• PEPPOL Deliverable 5.2, eInvoicing Pilot Specifications Page 68 10.2.3 Technical interoperability 10.2.3.1 Detailed transaction The figure below identifies the electronic messages exchanged as part of this process and the sequence in which these documents are exchanged. Transaction Description SubmitOrder A structured electronic business document that contains information directly relating to the economic event of ordering products and/or services. The document by means of which a Buyer initiates a transac- tion with a Seller for the supply of goods or services as specified, ac- cording to conditions set out in a quote, catalogue, counter offer, or otherwise known to the Buyer. RejectOrder A structured electronic business document for rejecting a single order received in full. AcceptOrder A structured electronic business document for accepting a single Order received in full. SubmitInvoice A structured electronic business document claiming payment for goods or services supplied under conditions agreed between the Creditor and the Debtor. In most cases this document describes the actual financial commitment of goods or services ordered from the Supplier. CorrectWithCredit A structured electronic business document for a Creditor to specify a reduced payment in reference to an Invoice or to cancel that Invoice fully. CorrectWithDebit A structured electronic business document claiming payment for goods or services supplied under conditions agreed between the Creditor and the Debtor. In most cases this document describes the actual financial commitment of goods or services ordered from the Supplier.
  • PEPPOL Deliverable 5.2, eInvoicing Pilot Specifications Page 69 11 References PEPPOL website http://www.peppol.eu European Commission: Competitiveness and Innovation Framework Programme (CIP) http://ec.europa.eu/cip/index_en.htm European Commission on e-Invoicing http://ec.europa.eu/internal_market/payments/e-Invoicing Draft document as basis for EIF 2.0 http://ec.europa.eu/idabc/servlets/Doc?id=31597 European e-Invoicing Final Report http://ec.europa.eu/enterprise/ict/policy/einvoicing/2007-07-eei-final-rep-3-2.pdf Council Directive 2006/112/EC on the common system of value added tax http://eur-lex.europa.eu/LexUriServ/LexUriServ.do?uri=CELEX:32006L0112:EN:NOT Council Directive 2001/115/EC on the conditions laid down for invoicing in respect of value added tax http://eur-lex.europa.eu/LexUriServ/LexUriServ.do?uri=CELEX:32001L0115:EN:NO Directive 1999/93/EC on a Community framework for electronic signatures http://eur-lex.europa.eu/LexUriServ/LexUriServ.do?uri=CELEX:31999L0093:EN:NOT CEN ISSS WS BII (Workshop on Business Interoperability Interfaces on public procurement in Europe ) http://www.cenbii.eu/ BII profile architecture. Unpublished document from the CEN/BII working group. https://sharepointsite.cenbii.eu/WG1 BII profile 04 - invoice only wd03. Unpublished document from the CEN/BII working group. https://sharepointsite.cenbii.eu/WG1 BII profile 06 procurement wd03. Unpublished document from the CEN/BII working group. https://sharepointsite.cenbii.eu/WG1 Austrian Ministry of Finance https://www.bmf.gv.at Austrian Chamber of Commerce http://portal.wko.at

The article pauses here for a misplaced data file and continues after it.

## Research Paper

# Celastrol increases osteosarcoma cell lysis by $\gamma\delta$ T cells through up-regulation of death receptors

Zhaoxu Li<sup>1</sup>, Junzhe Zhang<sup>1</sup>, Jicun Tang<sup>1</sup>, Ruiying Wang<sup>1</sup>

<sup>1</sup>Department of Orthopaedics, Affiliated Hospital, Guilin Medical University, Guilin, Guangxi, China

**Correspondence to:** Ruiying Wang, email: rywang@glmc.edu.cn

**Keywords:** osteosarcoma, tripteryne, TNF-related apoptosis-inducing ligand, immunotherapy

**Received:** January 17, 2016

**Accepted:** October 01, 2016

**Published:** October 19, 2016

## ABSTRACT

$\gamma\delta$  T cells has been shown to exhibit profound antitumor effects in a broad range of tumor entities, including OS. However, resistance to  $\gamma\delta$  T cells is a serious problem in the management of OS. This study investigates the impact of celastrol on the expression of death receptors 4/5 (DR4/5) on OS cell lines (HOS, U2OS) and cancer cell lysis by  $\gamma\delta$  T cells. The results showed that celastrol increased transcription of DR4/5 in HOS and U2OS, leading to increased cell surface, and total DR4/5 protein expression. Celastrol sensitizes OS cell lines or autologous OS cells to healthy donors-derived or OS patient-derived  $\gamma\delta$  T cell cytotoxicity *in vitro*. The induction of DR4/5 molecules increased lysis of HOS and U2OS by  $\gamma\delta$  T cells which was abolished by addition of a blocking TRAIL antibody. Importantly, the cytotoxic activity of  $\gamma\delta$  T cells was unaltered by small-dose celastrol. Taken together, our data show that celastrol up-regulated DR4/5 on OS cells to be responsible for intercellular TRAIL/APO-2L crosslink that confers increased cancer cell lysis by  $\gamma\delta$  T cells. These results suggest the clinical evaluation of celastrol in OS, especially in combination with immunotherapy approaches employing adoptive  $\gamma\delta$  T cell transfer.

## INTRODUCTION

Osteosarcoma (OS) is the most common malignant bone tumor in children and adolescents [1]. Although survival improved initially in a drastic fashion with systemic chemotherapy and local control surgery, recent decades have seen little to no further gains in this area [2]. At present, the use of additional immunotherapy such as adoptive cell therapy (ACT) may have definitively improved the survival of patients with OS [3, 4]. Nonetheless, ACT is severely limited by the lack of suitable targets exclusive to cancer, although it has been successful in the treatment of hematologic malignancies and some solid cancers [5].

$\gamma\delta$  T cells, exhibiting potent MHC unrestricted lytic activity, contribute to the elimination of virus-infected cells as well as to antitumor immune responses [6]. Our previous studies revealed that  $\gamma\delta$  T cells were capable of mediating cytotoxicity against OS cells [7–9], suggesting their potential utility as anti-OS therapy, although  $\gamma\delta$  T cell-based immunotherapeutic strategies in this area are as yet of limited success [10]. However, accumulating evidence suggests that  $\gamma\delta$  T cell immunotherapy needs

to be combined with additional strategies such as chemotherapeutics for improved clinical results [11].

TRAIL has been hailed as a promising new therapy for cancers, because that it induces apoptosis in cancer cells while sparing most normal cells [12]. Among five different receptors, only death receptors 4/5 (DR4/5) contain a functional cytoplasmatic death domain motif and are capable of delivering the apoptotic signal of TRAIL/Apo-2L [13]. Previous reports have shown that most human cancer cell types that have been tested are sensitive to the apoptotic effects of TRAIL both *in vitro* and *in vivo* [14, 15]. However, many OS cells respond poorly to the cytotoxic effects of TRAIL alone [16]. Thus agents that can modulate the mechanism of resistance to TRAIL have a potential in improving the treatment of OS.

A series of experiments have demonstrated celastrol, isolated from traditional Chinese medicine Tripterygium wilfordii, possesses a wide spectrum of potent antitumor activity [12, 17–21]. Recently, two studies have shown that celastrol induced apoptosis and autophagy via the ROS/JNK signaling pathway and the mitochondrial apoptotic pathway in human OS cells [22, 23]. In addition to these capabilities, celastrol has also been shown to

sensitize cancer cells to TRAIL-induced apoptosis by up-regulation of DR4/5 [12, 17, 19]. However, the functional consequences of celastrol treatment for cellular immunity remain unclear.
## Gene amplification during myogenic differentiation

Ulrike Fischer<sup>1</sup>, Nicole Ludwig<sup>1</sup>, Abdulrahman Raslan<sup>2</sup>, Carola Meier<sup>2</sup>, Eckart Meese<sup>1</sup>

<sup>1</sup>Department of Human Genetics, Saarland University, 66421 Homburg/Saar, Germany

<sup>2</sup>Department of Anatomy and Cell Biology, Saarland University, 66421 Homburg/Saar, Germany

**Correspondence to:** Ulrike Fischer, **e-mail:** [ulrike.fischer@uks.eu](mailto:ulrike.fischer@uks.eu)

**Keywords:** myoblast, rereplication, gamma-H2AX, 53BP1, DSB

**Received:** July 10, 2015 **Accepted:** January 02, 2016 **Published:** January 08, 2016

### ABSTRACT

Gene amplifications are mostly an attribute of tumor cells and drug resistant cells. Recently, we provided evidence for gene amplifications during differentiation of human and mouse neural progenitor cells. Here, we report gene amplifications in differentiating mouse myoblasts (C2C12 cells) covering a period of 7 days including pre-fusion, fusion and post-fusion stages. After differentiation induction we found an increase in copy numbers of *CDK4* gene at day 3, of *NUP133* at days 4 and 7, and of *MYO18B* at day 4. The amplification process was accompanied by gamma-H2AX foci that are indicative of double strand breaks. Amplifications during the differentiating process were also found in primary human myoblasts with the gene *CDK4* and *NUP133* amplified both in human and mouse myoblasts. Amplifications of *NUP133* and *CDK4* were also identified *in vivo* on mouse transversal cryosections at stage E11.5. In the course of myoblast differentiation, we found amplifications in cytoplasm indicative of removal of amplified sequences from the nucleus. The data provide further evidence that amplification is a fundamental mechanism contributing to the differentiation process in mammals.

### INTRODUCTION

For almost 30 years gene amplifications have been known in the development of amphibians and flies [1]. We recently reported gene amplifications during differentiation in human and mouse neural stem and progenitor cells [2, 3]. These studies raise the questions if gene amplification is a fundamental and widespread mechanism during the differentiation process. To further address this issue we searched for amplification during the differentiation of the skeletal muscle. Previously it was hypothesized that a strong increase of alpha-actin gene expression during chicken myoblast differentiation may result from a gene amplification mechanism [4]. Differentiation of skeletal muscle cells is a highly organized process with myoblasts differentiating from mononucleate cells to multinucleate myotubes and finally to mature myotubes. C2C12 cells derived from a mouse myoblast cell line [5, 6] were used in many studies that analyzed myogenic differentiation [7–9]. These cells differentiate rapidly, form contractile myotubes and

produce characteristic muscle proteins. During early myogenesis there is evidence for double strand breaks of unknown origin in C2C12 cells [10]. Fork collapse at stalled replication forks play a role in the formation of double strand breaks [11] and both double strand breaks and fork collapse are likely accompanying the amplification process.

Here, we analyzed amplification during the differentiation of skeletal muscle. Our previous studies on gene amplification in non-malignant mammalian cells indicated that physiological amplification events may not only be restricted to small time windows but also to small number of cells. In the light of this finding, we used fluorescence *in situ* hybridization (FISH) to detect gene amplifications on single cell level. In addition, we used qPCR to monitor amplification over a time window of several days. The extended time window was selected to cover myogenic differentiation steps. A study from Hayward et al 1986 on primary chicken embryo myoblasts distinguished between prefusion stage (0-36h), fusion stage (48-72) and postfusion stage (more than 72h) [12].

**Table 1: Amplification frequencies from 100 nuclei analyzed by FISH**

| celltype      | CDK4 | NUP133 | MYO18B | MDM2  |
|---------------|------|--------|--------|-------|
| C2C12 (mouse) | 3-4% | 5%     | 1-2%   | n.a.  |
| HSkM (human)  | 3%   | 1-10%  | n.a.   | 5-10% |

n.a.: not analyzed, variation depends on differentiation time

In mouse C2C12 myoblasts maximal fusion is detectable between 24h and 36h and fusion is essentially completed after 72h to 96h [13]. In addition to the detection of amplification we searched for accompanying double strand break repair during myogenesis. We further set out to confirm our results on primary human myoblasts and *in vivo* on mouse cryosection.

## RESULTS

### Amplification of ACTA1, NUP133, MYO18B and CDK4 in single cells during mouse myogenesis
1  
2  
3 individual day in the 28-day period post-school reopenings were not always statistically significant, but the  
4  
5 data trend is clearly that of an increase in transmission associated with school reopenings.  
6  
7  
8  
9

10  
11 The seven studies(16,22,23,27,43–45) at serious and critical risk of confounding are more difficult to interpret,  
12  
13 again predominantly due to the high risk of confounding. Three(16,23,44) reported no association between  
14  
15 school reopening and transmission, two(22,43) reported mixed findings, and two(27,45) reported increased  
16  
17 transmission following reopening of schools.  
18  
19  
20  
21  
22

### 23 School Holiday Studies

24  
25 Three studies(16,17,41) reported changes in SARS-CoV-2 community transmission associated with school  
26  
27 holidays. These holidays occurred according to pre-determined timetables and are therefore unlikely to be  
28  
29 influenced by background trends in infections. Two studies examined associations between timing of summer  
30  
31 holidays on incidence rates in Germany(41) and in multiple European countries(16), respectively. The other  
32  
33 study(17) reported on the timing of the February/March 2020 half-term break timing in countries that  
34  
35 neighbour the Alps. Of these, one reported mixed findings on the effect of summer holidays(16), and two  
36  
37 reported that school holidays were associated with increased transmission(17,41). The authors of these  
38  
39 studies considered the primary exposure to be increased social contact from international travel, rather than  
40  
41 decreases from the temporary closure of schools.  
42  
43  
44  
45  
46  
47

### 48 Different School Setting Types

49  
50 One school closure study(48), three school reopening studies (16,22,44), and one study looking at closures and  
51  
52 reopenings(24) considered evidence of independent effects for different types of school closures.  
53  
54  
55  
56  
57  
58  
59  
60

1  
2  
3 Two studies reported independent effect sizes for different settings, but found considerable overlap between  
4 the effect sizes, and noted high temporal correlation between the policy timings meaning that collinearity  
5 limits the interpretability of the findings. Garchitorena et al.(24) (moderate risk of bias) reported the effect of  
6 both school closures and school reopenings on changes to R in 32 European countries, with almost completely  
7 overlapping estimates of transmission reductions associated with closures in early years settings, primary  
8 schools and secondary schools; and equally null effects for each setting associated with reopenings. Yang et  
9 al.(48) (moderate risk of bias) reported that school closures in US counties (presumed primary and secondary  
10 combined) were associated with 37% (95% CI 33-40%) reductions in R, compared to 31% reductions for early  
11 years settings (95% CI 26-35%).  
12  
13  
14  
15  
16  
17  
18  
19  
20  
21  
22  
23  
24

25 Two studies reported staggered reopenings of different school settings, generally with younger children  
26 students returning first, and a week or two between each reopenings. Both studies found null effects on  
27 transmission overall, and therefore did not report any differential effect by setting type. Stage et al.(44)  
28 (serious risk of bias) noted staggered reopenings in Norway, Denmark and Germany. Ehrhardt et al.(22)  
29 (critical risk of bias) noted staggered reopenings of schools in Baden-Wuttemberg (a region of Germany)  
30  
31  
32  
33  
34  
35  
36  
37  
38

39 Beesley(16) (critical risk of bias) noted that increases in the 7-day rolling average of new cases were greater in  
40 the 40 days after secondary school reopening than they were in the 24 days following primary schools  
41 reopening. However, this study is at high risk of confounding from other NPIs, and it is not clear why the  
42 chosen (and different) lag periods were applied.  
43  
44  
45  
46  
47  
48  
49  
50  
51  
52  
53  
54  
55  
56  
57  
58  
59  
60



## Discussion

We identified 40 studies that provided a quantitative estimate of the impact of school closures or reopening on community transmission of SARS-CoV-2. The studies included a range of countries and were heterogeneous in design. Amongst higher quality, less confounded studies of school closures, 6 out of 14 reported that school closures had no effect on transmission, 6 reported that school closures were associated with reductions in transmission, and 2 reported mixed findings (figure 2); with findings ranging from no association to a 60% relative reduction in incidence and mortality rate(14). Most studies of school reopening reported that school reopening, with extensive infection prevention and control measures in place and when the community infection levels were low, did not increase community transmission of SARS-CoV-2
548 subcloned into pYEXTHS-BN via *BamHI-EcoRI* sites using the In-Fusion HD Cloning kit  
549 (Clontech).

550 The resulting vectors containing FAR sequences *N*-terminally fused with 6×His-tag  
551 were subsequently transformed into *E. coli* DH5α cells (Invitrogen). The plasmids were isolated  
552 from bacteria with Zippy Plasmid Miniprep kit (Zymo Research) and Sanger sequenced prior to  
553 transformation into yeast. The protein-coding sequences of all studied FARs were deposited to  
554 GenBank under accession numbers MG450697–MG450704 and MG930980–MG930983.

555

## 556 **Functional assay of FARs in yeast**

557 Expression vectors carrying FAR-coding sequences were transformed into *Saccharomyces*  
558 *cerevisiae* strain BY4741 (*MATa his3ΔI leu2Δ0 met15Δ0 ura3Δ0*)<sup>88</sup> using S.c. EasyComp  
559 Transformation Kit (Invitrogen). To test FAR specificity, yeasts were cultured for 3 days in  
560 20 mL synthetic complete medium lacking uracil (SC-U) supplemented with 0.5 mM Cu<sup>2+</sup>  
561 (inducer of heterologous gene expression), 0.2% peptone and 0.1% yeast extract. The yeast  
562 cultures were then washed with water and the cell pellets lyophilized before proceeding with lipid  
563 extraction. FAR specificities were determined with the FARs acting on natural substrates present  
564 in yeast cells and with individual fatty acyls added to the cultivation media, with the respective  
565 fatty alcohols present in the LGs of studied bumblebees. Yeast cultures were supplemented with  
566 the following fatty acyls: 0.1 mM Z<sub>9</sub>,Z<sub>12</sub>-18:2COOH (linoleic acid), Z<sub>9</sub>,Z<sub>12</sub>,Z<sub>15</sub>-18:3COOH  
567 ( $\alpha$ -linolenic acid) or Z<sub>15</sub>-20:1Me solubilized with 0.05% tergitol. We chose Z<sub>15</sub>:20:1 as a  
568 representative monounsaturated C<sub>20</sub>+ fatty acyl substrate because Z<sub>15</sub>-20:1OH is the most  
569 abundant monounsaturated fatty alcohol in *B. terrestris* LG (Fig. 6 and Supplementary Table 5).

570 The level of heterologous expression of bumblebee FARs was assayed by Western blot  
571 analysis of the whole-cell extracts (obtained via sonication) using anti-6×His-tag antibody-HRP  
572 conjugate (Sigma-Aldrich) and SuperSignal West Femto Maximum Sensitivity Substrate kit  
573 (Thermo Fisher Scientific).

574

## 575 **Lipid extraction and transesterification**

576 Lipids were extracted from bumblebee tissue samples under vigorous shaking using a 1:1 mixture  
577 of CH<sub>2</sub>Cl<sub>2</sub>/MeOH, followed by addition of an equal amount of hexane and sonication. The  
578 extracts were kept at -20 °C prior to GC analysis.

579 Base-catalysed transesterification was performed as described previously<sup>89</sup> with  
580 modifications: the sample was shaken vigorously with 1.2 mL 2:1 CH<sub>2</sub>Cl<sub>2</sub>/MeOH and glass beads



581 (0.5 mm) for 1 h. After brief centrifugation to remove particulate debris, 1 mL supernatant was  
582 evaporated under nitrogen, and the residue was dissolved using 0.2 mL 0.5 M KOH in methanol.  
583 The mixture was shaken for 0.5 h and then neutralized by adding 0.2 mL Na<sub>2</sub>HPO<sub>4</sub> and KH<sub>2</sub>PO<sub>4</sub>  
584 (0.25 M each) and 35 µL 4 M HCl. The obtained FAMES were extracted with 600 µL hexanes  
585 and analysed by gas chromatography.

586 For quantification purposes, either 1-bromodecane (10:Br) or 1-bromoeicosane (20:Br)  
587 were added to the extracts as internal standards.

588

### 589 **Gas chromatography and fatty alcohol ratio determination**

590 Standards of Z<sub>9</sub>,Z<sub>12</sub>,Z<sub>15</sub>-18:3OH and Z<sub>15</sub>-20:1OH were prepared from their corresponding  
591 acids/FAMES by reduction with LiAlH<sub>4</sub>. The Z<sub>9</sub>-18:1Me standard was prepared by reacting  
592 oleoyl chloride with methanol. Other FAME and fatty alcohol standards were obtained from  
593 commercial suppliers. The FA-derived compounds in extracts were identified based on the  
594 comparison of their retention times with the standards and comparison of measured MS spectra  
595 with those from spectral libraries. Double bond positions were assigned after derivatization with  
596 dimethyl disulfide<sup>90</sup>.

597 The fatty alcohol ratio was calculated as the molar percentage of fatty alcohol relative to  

• PEPPOL Deliverable 5.2, eInvoicing Pilot Specifications Page 70 NES - Northern European Subset on UBL http://www.nesubl.eu European Commission on VAT Invoicing Rules http://ec.europa.eu/taxation_customs/taxation/vat/traders/invoicing_rules/index_en.htm OASIS Open http://www.oasis-open.org OASIS Universal Business Language (UBL) TC http://www.oasis-open.org/committees/ubl/